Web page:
Let's examine the lyrics to see if you agree. The first verse clearly states that the family will continue to gather together, in spite of the absence of one of their own; but that the missing member will never be forgotten. The use of the "vacant chair" will be a constant reminder of his ethereal presence in the family, in spite of his physical absence. Their regular prayers for his peace by "caressing him" with their words will be a regular way of keeping him ever in their minds. The fact that a short year can bring about so large a change in their lives is a hard thing for the family to process: only the previous year he was with them with his bright eyes and positive attitude. The connection among the family members was as a "golden cord" that was severed with his death (Crawford, pp. 118-119). Interestingly, not every version prints the words the same way. In at least one other songbook, the reference in the first verse is to a "golden chord" that is then "severed" (Silverman, p. 77). This completely changes the meaning, of course, as a "chord" would likely refer to a musical element, not an item (a figurative "cord") that binds a family together. The original sheet music, however, clearly has the word "cord," which makes much more sense, at least to me.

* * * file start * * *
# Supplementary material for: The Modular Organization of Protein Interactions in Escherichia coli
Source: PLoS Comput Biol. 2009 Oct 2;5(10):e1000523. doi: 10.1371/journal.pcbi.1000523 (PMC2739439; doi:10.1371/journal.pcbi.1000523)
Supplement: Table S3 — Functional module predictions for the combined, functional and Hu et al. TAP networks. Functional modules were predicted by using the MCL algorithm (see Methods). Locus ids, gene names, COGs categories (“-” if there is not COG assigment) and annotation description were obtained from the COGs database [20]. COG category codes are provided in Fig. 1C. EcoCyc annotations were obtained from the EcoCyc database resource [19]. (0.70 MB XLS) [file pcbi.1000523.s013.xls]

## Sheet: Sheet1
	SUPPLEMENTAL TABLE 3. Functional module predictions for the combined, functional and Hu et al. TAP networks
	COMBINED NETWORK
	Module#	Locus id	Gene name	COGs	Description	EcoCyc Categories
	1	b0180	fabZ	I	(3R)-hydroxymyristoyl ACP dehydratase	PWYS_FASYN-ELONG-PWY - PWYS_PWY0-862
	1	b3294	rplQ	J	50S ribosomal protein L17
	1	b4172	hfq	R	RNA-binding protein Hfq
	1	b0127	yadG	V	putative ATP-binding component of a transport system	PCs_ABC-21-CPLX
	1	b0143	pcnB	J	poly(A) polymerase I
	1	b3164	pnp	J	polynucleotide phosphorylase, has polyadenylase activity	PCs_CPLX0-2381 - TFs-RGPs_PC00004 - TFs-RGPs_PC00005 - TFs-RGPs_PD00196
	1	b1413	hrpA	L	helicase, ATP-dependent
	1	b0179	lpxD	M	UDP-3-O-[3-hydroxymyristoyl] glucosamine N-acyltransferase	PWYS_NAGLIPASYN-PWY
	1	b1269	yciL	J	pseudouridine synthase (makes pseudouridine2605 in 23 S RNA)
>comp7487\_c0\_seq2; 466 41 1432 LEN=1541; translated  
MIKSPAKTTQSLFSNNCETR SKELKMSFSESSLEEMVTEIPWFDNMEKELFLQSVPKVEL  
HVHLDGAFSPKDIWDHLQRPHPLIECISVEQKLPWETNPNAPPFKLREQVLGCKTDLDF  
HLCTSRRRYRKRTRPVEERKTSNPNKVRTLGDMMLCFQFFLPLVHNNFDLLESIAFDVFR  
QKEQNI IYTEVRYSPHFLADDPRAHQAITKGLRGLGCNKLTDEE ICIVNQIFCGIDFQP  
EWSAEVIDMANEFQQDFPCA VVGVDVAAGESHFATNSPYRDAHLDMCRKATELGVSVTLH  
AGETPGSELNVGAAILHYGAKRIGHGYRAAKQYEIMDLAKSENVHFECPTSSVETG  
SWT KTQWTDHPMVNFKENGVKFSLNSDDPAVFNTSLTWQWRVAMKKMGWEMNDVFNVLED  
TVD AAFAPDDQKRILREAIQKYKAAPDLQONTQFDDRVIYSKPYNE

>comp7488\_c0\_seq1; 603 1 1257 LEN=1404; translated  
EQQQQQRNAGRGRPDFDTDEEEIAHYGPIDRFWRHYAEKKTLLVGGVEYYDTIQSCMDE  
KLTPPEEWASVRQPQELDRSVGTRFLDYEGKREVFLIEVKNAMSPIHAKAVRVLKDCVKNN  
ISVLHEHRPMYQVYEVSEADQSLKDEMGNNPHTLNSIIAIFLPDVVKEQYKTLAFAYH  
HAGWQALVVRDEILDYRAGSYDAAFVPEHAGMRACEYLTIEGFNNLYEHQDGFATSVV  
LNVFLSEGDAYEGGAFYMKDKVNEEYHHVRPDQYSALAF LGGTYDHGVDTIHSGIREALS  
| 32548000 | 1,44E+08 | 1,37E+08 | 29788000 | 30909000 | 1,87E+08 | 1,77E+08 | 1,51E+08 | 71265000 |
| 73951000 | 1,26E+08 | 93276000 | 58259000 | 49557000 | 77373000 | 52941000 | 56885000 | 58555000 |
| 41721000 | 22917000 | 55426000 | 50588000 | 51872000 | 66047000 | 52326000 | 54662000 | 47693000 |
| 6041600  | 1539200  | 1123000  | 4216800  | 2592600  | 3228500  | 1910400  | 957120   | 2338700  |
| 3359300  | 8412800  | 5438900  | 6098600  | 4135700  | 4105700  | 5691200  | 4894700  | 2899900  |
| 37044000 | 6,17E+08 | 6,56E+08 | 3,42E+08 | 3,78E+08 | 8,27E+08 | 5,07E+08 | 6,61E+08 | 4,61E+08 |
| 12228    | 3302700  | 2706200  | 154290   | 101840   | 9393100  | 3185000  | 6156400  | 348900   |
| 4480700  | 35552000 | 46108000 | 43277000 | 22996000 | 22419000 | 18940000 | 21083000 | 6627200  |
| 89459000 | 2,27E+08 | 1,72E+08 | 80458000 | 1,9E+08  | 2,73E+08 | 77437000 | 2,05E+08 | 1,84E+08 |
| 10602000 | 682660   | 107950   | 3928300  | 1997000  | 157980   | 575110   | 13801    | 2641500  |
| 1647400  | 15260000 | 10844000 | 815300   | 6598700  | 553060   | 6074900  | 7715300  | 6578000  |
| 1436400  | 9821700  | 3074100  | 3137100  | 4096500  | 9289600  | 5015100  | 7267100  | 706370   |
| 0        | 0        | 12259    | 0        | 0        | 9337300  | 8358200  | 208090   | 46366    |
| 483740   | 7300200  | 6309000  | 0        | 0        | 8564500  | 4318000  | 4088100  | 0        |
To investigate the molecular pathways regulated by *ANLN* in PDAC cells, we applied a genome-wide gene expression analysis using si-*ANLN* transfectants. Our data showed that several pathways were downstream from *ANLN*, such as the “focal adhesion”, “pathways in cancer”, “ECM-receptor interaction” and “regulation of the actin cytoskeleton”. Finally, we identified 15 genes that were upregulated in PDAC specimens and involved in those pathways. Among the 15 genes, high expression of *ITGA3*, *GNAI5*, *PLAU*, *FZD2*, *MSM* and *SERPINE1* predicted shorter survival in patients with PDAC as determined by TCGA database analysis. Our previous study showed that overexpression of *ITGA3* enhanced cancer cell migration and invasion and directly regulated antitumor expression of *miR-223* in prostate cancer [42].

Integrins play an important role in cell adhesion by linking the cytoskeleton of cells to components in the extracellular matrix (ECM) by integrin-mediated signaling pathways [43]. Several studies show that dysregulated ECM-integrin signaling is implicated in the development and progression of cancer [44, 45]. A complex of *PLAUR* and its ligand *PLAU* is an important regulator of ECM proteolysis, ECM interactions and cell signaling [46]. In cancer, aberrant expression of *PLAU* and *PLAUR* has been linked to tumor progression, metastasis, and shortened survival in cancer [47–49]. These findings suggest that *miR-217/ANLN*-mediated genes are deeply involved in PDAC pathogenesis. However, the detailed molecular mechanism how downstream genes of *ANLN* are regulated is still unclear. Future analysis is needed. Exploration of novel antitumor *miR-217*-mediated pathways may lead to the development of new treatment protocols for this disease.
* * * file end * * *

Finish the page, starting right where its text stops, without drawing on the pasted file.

The chorus begins with "We shall meet, but we shall miss him," which has been used as an alternate title for the song. Its second line repeats, "We shall linger to caress him, when we breathe our evening prayer" (Crawford, p. 120).